You may notice, in the picture above, lots of plant debris on the garden. I recently read an article about the Melinium Garden at Pentsthorpe Natural Park in Norfolk, which we had visited in 2012. This garden was designed by Piet Oudolf, the internationally famous dutch nurseryman and garden designer, known for his prairie style planting. Historically, the many perennials and grasses were not cut down in the garden until February, to provide winter shelter for insects, and then removed to giant compost heaps. According to the article, they now cut it all down in small bites, or pieces, leaving it on the ground as a mulch, to continue providing homes for the wildlife.
While I do not claim this border to be ‘prairie planting’, it does contain perennials and grasses so I decided to experiment with cutting it down in small bites, leaving it as a mulch. I did this using garden shears if you had more to do you could use a hedge cutter (Mine has broken).
I will add my usual mulch on top of this in March, I do it then to smother the chickweed, which germinates here around that time. It will be interesting to see how it develops, I don’t think it will suit the tidy gardener. However, we are constantly being advised that as gardeners we should be a little more untidy to help the wildlife.
I will record progress with photos and publish them later in the year.
Have you tried this in your garden?
This article was originally posted on the website of the Black Pear Gardening Club by club member Julie Munn. With its seasonal interest, especially now we all have our Christmas garden gift vouchers to spend, I invited Julie as guest publisher for this post.
Winter Flowering Shrubs can add that much-needed cheer & interest to our gardens when the days are so long & dark after Christmas. As Gardeners, we are always working ahead & planning for the Spring, Summer & Autumn but Winter often gets forgotten & inspiration can be slow to come to mind when the borders look bare & uninteresting. In this article I aim to introduce some plants that can bridge the gap before Spring takes a hold & the welcome Snowdrops, Narcissi & Hellebores make an appearance. The plants which follow are all fragrant which is a bonus to the often, delicate flowers, as well as providing an enticement into our gardens when it’s cold & frosty. Winter Flowering Shrubs also provide nectar for any early foraging insects & provide a refuge for birds during harsh weather. Here are a few of my favourites.
Hamamelis or Witch Hazel are deciduous shrubs which have very fragrant, spidery, yellow, orange or red flowers in late Winter. They grow best in acid-neutral, well-drained soil in sun or part shade. Their growth is slow, but they need space to achieve their natural, vase-like, spreading habit. Hamamelis can be planted in a mixed border or as specimens in a lawn or Woodland Garden. They also have excellent Autumn colour. Several varieties are available.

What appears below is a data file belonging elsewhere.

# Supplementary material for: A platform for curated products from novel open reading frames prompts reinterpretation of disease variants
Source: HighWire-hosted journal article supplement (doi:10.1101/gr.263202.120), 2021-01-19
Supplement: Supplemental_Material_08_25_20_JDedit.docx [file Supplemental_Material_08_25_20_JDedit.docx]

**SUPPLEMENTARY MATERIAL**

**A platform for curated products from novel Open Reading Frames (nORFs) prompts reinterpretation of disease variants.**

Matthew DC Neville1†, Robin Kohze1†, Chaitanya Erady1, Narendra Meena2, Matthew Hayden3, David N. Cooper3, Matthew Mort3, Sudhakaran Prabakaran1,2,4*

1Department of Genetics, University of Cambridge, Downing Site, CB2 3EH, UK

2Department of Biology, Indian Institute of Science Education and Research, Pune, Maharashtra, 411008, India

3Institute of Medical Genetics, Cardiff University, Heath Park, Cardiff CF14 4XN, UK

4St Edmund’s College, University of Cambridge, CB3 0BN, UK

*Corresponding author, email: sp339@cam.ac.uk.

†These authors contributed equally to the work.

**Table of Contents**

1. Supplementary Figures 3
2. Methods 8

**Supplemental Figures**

Hamamelis x intermedia ‘Jelena’
When planting Hamamelis, improve soil by adding well-rotted manure or garden compost especially if you have clay soil. Planting on a slight mound can aid drainage & ensure the grafting union is not buried.
Mahonia are large, evergreen shrubs &
are available in many varieties & sizes.
Their evergreen foliage provides excellent
contrast against other plants & leaves are
usually spiny. Fragrant, clusters of flowers
are a welcome sight from late Autumn
through Winter & early Spring, followed
by black or purple berries. Mahonia
provide good architectural structure in a
Mixed Border or Woodland Garden &
they tolerate part or full shade. Grow
Mahonia in any moist but well-drained
Mahonia x media ‘Lionel Fortescue’
Sarcococca are evergreen shrubs whose flowers have an intense, sweet fragrance in Winter & are an excellent addition to any garden. Sarcococca confusa is the most well-known variety with its small, creamy white flowers which are almost hidden by the foliage. They grow best in any humus rich, moist but well drained soil & prefer to be positioned in full or part shade. Their flowers are followed by shiny, black berries. Sarcococca can be positioned in Mixed Borders & Woodland Gardens but to enjoy the fragrance at its best, place near to an entrance door or pathway where its scent can be enjoyed. They make excellent additions to Winter Pots & Containers.
I grow S. hookeriana var. digyna which gives a pink tinge to its flowers.
Chimonanthus praecox, often known as Wintersweet, is a deciduous shrub with a multi-branched, bushy habit & is best for the back of a border or against a wall or fence, where they can enjoy some protection. The highly fragrant, yellow-greenish flowers appear along the previous year’s stems in Winter & early Spring & often have a reddish-purple inner petal. Their flowers can be easily missed until you smell the fragrance & then the hunt for its source takes over. The flowers are followed by fruits, capsule shaped which contain the seeds.
Chimonanthus praecox Mar 2015
They grow best in any well-drained soil in a sheltered position & enjoy full sun.
Daphne can be deciduous or evergreen shrubs & are available in a variety of growth habits. D. bholua ‘Jacqueline Postill’ is one of my favourite Daphne’s & its perfume is a welcome fragrance in the Winter Garden. Position this Daphne near to a pathway, entrance or in an enclosed garden area, to fully appreciate the scent. The clustered flowers are purplish-pink & white & highly scented, followed by black berries. Plant in any moist but well-drained soil in full sun or part shade & it benefits from having a sheltered position.